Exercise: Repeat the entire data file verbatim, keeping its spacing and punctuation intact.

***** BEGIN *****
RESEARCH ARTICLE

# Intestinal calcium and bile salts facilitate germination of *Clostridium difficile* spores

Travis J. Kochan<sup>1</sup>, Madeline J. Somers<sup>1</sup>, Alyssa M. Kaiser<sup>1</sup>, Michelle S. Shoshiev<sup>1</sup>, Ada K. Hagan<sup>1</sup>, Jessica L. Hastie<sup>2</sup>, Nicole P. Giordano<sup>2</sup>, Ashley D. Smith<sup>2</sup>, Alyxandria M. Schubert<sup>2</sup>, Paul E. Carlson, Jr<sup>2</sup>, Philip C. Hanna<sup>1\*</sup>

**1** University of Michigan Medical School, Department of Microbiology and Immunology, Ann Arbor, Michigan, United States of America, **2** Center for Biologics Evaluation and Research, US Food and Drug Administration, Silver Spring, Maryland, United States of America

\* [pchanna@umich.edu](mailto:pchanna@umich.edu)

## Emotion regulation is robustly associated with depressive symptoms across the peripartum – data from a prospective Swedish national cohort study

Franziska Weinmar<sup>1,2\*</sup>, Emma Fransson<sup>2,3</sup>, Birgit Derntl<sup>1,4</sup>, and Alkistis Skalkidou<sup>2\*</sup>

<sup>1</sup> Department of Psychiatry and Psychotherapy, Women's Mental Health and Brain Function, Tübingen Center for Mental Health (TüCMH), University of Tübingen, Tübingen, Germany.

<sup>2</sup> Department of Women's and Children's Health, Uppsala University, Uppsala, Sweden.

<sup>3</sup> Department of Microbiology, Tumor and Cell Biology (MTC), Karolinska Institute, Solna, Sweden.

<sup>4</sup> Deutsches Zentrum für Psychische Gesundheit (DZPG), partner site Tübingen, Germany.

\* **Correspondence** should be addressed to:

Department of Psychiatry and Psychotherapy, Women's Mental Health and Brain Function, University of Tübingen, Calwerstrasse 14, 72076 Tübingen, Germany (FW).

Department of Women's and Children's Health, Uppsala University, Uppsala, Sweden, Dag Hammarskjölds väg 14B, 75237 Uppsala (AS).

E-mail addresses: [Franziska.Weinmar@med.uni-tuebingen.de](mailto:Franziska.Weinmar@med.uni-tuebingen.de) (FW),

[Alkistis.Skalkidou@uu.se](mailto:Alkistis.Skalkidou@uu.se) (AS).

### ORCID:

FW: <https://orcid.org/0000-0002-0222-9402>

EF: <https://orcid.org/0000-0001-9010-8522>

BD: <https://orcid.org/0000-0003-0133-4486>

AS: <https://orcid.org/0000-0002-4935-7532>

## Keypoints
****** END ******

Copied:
RESEARCH ARTICLE

# Intestinal calcium and bile salts facilitate germination of *Clostridium difficile* spores

Travis J. Kochan<sup>1</sup>, Madeline J. Somers<sup>1</sup>, Alyssa M. Kaiser<sup>1</sup>, Michelle S. Shoshiev<sup>1</sup>, Ada K. Hagan<sup>1</sup>, Jessica L. Hastie<sup>2</sup>, Nicole P. Giordano<sup>2</sup>, Ashley D. Smith<sup>2</sup>, Alyxandria M. Schubert<sup>2</sup>, Paul E. Carlson, Jr<sup>2</sup>, Philip C. Hanna<sup>1\*</sup>

**1** University of Michigan Medical School, Department of Microbiology and Immunology, Ann Arbor, Michigan, United States of America, **2** Center for Biologics Evaluation and Research, US Food and Drug Administration, Silver Spring, Maryland, United States of America

\* [pchanna@umich.edu](mailto:pchanna@umich.edu)

## Emotion regulation is robustly associated with depressive symptoms across the peripartum – data from a prospective Swedish national cohort study

Franziska Weinmar<sup>1,2\*</sup>, Emma Fransson<sup>2,3</sup>, Birgit Derntl<sup>1,4</sup>, and Alkistis Skalkidou<sup>2\*</sup>

<sup>1</sup> Department of Psychiatry and Psychotherapy, Women's Mental Health and Brain Function, Tübingen Center for Mental Health (TüCMH), University of Tübingen, Tübingen, Germany.

<sup>2</sup> Department of Women's and Children's Health, Uppsala University, Uppsala, Sweden.

<sup>3</sup> Department of Microbiology, Tumor and Cell Biology (MTC), Karolinska Institute, Solna, Sweden.

<sup>4</sup> Deutsches Zentrum für Psychische Gesundheit (DZPG), partner site Tübingen, Germany.

\* **Correspondence** should be addressed to:

Department of Psychiatry and Psychotherapy, Women's Mental Health and Brain Function, University of Tübingen, Calwerstrasse 14, 72076 Tübingen, Germany (FW).

Department of Women's and Children's Health, Uppsala University, Uppsala, Sweden, Dag Hammarskjölds väg 14B, 75237 Uppsala (AS).

E-mail addresses: [Franziska.Weinmar@med.uni-tuebingen.de](mailto:Franziska.Weinmar@med.uni-tuebingen.de) (FW),

[Alkistis.Skalkidou@uu.se](mailto:Alkistis.Skalkidou@uu.se) (AS).

### ORCID:

FW: <https://orcid.org/0000-0002-0222-9402>

EF: <https://orcid.org/0000-0001-9010-8522>

BD: <https://orcid.org/0000-0003-0133-4486>

AS: <https://orcid.org/0000-0002-4935-7532>

## Keypoints